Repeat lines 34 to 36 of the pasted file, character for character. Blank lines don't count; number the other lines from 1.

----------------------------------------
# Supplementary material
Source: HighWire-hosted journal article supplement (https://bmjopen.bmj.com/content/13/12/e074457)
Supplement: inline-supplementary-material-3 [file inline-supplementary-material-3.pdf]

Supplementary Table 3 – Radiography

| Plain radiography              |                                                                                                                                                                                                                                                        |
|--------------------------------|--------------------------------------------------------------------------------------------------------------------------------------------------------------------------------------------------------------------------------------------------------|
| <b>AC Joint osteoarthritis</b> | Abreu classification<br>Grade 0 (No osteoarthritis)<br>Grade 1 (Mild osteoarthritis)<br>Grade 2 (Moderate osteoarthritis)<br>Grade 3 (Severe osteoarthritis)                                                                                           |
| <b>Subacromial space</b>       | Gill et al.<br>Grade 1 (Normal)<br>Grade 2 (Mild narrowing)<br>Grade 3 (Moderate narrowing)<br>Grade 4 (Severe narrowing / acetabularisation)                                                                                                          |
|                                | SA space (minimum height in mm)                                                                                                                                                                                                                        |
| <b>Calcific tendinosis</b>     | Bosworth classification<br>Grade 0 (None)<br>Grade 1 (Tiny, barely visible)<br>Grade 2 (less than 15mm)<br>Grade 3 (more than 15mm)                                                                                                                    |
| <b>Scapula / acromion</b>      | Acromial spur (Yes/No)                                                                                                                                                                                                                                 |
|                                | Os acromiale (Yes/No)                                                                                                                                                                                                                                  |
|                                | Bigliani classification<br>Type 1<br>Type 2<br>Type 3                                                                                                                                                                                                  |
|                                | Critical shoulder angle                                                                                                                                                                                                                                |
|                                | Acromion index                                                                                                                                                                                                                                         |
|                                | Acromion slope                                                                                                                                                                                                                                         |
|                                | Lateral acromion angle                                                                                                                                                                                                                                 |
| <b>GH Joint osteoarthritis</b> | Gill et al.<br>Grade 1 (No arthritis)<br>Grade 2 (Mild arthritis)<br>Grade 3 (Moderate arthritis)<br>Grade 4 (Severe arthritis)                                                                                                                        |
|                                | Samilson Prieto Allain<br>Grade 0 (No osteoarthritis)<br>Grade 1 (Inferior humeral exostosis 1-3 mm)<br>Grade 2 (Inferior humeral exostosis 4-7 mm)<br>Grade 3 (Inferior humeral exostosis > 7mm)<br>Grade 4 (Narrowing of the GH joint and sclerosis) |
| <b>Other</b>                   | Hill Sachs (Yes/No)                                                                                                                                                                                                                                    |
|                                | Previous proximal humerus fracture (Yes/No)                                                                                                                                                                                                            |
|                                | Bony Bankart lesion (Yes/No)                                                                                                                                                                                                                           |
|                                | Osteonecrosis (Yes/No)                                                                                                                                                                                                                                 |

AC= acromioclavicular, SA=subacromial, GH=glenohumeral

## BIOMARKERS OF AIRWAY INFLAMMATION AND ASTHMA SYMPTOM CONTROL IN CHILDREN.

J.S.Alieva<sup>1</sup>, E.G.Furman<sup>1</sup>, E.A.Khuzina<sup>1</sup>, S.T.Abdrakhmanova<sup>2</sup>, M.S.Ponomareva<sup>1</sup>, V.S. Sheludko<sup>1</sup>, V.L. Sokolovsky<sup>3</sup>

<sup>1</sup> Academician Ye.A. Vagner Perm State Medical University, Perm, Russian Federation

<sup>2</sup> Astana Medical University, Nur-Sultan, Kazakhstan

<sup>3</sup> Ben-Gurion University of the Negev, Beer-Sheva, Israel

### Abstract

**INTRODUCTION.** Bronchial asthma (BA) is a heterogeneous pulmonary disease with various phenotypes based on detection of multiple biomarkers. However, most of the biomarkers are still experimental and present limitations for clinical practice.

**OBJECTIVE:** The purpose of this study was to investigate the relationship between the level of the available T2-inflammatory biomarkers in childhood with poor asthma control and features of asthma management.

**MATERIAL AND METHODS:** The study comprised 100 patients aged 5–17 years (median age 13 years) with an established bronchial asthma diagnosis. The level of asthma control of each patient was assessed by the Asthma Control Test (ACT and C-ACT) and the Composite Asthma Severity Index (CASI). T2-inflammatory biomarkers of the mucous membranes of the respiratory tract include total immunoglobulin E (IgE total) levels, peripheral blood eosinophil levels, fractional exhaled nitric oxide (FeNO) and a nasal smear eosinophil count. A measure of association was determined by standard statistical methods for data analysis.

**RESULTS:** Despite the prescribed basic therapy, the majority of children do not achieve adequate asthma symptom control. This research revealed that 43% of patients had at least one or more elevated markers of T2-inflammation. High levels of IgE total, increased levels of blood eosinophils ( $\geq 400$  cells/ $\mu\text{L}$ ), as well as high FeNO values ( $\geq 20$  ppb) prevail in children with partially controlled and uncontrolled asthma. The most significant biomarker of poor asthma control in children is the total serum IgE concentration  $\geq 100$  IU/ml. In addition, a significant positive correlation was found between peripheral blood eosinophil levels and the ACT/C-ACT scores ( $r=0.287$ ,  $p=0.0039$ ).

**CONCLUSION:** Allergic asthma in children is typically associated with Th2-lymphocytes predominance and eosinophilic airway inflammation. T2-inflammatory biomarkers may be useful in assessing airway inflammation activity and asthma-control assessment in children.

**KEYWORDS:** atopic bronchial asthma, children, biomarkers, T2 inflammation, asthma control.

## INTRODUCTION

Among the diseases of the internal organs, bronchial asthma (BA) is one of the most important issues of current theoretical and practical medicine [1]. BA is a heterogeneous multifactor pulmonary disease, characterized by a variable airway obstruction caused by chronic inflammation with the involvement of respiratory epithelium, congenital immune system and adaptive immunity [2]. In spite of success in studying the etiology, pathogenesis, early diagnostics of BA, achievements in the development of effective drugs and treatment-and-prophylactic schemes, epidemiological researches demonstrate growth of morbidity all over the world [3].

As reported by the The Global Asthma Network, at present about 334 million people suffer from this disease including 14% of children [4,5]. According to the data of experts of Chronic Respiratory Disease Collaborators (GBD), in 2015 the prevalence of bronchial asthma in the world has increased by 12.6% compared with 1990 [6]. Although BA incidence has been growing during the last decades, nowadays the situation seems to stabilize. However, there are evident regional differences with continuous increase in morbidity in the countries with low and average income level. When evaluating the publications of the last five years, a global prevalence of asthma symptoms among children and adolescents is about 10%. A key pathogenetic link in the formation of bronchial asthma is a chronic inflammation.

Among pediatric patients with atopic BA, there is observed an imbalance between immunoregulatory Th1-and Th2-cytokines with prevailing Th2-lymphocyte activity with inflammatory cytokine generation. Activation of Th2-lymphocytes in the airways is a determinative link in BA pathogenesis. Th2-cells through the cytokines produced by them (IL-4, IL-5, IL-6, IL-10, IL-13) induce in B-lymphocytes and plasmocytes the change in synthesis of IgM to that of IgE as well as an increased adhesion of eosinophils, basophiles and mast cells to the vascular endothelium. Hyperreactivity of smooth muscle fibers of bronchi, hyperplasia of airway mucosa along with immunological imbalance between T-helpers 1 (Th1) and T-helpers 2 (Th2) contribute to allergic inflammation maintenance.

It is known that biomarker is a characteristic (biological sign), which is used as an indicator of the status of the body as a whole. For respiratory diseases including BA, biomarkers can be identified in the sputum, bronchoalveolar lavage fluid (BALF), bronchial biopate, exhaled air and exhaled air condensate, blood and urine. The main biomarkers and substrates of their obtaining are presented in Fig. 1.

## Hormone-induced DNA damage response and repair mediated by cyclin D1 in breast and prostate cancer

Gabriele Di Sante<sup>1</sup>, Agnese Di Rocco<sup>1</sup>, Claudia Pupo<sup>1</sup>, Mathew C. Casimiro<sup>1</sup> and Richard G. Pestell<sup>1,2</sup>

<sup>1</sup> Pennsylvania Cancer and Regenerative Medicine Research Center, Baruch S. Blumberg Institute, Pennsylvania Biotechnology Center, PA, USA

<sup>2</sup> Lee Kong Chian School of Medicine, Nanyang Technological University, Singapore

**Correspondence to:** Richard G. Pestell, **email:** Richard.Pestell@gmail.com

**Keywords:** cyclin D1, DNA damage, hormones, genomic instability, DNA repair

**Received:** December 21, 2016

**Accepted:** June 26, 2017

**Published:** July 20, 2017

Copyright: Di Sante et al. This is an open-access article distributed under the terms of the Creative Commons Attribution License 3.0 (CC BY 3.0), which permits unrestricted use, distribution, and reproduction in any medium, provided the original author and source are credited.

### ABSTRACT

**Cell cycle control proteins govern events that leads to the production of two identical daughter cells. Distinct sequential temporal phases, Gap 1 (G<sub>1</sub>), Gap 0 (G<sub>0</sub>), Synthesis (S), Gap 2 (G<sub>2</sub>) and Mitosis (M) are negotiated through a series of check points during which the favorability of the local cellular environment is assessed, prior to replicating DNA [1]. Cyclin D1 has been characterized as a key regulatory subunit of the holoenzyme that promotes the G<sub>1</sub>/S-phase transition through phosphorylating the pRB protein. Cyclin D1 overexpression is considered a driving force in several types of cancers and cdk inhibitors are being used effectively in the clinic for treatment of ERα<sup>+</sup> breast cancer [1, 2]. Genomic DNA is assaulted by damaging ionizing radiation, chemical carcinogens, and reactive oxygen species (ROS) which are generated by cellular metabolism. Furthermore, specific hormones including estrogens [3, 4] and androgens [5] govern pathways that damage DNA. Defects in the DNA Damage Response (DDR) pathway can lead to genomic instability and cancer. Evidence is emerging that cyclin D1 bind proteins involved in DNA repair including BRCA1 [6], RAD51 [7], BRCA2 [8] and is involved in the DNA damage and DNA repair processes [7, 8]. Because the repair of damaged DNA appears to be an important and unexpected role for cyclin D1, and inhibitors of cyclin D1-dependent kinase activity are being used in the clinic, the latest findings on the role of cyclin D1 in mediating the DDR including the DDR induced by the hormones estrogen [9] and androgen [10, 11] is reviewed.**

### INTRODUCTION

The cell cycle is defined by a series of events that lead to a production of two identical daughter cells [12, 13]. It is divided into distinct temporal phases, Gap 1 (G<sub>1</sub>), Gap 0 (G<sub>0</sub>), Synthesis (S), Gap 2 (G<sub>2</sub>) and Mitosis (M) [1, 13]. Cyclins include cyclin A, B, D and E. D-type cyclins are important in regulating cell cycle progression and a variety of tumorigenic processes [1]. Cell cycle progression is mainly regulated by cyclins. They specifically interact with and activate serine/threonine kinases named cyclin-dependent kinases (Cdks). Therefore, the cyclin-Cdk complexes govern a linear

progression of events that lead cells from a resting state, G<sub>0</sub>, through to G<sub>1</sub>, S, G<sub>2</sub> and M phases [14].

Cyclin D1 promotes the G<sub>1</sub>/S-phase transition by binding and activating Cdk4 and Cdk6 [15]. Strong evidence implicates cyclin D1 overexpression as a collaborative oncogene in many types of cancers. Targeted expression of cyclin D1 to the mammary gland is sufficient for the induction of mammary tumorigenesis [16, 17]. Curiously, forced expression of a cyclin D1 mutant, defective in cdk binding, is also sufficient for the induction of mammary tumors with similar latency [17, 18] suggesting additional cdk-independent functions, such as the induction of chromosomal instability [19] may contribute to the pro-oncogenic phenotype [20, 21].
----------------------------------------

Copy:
**RESULTS:** Despite the prescribed basic therapy, the majority of children do not achieve adequate asthma symptom control. This research revealed that 43% of patients had at least one or more elevated markers of T2-inflammation. High levels of IgE total, increased levels of blood eosinophils ( $\geq 400$  cells/ $\mu\text{L}$ ), as well as high FeNO values ( $\geq 20$  ppb) prevail in children with partially controlled and uncontrolled asthma. The most significant biomarker of poor asthma control in children is the total serum IgE concentration  $\geq 100$  IU/ml. In addition, a significant positive correlation was found between peripheral blood eosinophil levels and the ACT/C-ACT scores ( $r=0.287$ ,  $p=0.0039$ ).

**CONCLUSION:** Allergic asthma in children is typically associated with Th2-lymphocytes predominance and eosinophilic airway inflammation. T2-inflammatory biomarkers may be useful in assessing airway inflammation activity and asthma-control assessment in children.

**KEYWORDS:** atopic bronchial asthma, children, biomarkers, T2 inflammation, asthma control.